Doping Controversy at 2016 Olympics increases with Weightlifting
14 August 2016 by Jason Torrance
The 2016 Olympic Games are well under way, but it feels as though a day has not gone by without the issue of doping arising. Before the Games had even begun, the build-up was dominated by doubts over Russian participation. Once it had started swimming took centre-stage as two convicted dopers won gold and silver medals, and now the weightlifting has begun the issue has become even more prominent.
In June, the International Weightlifting Federation determined that those nations whose athletes retrospectively tested positively from either the 2008 Beijing or 2012 London Olympic Games should be banned from competing at the 2016 Rio Olympic Games, pending confirmation from the International Olympic Committee. Subsequently, the IOC passed such responsibility onto the World Anti-Doping Agency, who stated that there was insufficient time with which to re-test the samples of athletes suspected of doping at the previous two Olympics. Many of these samples provided in Beijing and London may be re-tested after Rio 2016, but by then it will be too late to stop any athletes who do retrospectively test positive from competing.
WADA and the IOC are able to re-test samples taken at previous Olympics due to the statute of limitations, which allows for doping offences committed at any point in the previous 10 years to be pursued and prosecuted. Samples are frozen once the initial testing at the time has been completed to avoid any sample degradation, and then if a request for re-analysis is made these samples can be analysed using the latest detection techniques. This is of great benefit to anti-doping authorities given that scientific advances allow detection of substances in samples that were not detected when the sample was initially obtained. Such testing has seen numerous retrospective bans imposed on athletes. According to a recent Guardian article, since the Beijing Olympics 29 weightlifters have retrospectively tested positive, 26 from the old Soviet bloc and the remaining 3 from Turkey, including five Kazakhstan athletes who won gold medals.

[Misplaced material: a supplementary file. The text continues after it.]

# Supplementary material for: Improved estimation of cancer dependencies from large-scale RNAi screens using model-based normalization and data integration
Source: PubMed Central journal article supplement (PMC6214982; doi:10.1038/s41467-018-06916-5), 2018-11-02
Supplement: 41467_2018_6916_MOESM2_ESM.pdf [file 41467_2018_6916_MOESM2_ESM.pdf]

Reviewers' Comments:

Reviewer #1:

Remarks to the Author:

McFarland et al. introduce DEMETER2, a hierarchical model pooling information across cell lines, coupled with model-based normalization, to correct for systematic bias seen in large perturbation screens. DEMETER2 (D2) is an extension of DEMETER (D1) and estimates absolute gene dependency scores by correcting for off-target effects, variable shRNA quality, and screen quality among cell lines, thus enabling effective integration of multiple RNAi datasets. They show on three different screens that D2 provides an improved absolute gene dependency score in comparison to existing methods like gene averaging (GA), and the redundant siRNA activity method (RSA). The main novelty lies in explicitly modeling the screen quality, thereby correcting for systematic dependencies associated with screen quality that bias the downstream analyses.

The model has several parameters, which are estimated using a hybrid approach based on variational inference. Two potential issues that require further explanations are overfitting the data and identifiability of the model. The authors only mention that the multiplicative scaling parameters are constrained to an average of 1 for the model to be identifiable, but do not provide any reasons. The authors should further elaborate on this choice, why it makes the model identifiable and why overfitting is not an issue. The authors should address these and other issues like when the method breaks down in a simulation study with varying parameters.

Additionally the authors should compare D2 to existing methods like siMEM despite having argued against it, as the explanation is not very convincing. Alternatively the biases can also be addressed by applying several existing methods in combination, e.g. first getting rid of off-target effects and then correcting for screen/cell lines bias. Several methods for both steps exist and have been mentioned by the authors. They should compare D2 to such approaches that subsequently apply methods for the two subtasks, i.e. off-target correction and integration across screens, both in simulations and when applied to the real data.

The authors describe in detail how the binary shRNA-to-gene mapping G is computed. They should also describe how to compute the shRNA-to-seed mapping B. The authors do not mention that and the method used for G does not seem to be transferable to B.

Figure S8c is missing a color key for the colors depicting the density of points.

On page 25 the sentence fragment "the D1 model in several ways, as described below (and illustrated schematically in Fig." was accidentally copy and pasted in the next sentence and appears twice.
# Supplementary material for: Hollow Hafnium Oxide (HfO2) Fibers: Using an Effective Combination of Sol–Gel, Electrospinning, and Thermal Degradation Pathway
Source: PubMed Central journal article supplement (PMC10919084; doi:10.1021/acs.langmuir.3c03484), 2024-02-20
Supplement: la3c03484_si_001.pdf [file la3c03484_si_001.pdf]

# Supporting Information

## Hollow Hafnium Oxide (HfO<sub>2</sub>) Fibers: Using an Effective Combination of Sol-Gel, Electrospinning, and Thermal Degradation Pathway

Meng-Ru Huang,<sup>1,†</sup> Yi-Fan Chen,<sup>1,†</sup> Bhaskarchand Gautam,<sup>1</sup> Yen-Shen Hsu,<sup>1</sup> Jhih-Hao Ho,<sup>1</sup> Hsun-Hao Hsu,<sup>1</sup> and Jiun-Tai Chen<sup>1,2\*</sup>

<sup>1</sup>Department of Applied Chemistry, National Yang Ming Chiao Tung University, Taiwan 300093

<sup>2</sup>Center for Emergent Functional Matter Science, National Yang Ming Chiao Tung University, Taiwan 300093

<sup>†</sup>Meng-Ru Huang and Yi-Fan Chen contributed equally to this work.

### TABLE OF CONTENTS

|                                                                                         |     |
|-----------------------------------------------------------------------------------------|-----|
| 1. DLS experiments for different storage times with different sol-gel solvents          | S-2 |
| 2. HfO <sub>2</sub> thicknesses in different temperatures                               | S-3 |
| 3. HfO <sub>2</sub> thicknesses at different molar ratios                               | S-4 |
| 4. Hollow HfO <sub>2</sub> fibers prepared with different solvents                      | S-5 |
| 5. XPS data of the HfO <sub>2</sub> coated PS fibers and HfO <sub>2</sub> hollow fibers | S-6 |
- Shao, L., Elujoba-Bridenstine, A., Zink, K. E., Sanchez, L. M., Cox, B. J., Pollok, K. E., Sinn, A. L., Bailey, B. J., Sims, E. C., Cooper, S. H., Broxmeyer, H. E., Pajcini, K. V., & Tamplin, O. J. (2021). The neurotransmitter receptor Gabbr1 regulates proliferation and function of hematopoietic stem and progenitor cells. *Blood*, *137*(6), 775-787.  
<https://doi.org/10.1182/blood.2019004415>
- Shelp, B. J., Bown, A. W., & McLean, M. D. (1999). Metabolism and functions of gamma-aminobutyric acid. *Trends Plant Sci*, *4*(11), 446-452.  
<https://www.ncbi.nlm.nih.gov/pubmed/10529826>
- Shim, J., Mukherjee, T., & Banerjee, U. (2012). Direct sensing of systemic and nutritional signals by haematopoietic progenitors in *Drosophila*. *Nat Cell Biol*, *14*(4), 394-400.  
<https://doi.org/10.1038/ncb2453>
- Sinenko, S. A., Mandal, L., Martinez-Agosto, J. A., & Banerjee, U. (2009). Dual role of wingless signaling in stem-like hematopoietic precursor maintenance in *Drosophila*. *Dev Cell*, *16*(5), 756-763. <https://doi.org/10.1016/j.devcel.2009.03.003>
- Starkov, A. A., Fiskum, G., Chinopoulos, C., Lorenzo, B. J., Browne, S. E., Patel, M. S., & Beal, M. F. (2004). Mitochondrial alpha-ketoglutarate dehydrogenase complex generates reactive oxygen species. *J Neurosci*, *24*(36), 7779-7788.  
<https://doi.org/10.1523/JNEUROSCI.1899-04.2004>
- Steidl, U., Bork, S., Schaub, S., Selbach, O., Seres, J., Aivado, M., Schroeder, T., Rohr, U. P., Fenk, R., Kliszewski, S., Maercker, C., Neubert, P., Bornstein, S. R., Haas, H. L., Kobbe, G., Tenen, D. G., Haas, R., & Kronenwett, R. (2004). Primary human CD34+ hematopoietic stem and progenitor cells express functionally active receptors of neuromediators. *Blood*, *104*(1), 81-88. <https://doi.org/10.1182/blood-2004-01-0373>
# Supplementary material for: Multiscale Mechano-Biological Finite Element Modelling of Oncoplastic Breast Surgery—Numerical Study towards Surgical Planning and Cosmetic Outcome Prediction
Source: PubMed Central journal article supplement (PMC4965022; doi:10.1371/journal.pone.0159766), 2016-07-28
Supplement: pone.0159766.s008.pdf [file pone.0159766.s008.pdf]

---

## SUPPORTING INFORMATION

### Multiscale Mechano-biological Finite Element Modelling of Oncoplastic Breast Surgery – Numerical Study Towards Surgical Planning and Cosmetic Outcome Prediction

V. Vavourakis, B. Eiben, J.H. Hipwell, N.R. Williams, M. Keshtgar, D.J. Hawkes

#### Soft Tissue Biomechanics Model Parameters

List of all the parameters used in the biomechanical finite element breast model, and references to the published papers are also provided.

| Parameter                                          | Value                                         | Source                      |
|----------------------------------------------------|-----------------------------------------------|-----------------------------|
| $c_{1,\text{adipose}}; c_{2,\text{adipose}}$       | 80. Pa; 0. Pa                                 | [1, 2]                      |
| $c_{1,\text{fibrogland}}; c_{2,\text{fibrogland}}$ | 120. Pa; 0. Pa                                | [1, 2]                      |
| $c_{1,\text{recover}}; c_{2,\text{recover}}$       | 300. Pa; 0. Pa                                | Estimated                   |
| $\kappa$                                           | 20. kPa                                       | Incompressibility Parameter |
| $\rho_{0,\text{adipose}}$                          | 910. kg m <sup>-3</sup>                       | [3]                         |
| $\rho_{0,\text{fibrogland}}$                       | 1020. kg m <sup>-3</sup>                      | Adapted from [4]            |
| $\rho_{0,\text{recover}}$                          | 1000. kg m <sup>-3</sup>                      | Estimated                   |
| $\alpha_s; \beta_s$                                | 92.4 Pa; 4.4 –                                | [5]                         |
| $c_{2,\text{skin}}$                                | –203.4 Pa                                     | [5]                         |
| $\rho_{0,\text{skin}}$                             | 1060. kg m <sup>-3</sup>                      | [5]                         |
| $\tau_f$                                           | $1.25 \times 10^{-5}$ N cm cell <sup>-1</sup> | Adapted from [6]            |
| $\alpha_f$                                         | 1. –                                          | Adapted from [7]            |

The statute of limitations has also successfully been used in non-analytical matters, most notably that of Lance Armstrong who, despite having never tested positive, albeit there were rumours of a cover up concerning one particular sample, has since been banned for life after testimony from numerous former colleagues.
Had the IOC confirmed the initial proposal by the IWF, 3 of the women due to compete in the 69kg competition final, two from Belarus and one from Turkey, would not have been able to do so.
Since the commencement of the Rio Games, the European men’s 94kg champion, from Poland, tested positive for the steroid nandralone. Another Polish weightlifter was found to have levels of human growth hormone in his system that were above those typically expected and has subsequently not travelled to Rio. This has led to the resignation of the Polish Weightlifting Federation President, a former silver medallist at two Olympic Games who himself was banned for doping in 2004, again for testing positive for nandralone.
Weight lifters from Bulgaria and Russia have already been excluded from competing.
This is clearly an issue that will not go away anytime soon, particularly when one considers the enormous potential benefits that can be derived from doping in a power sport such as weightlifting.
If you are an athlete or athlete support person and find yourself in a similar situation, Fisher Jones Greenwood LLP can help in this niche area of the law.
We can advise athletes and athlete support personnel throughout the course of anti-doping proceedings and provide expert representation.
We are also able to assist National Governing Bodies meet their regulatory duties and ensure that their anti-doping rules, practices and procedures are in line with those of UK Anti-Doping.
For expert advice on anti-doping, please contact Jason Torrance on email@example.com.
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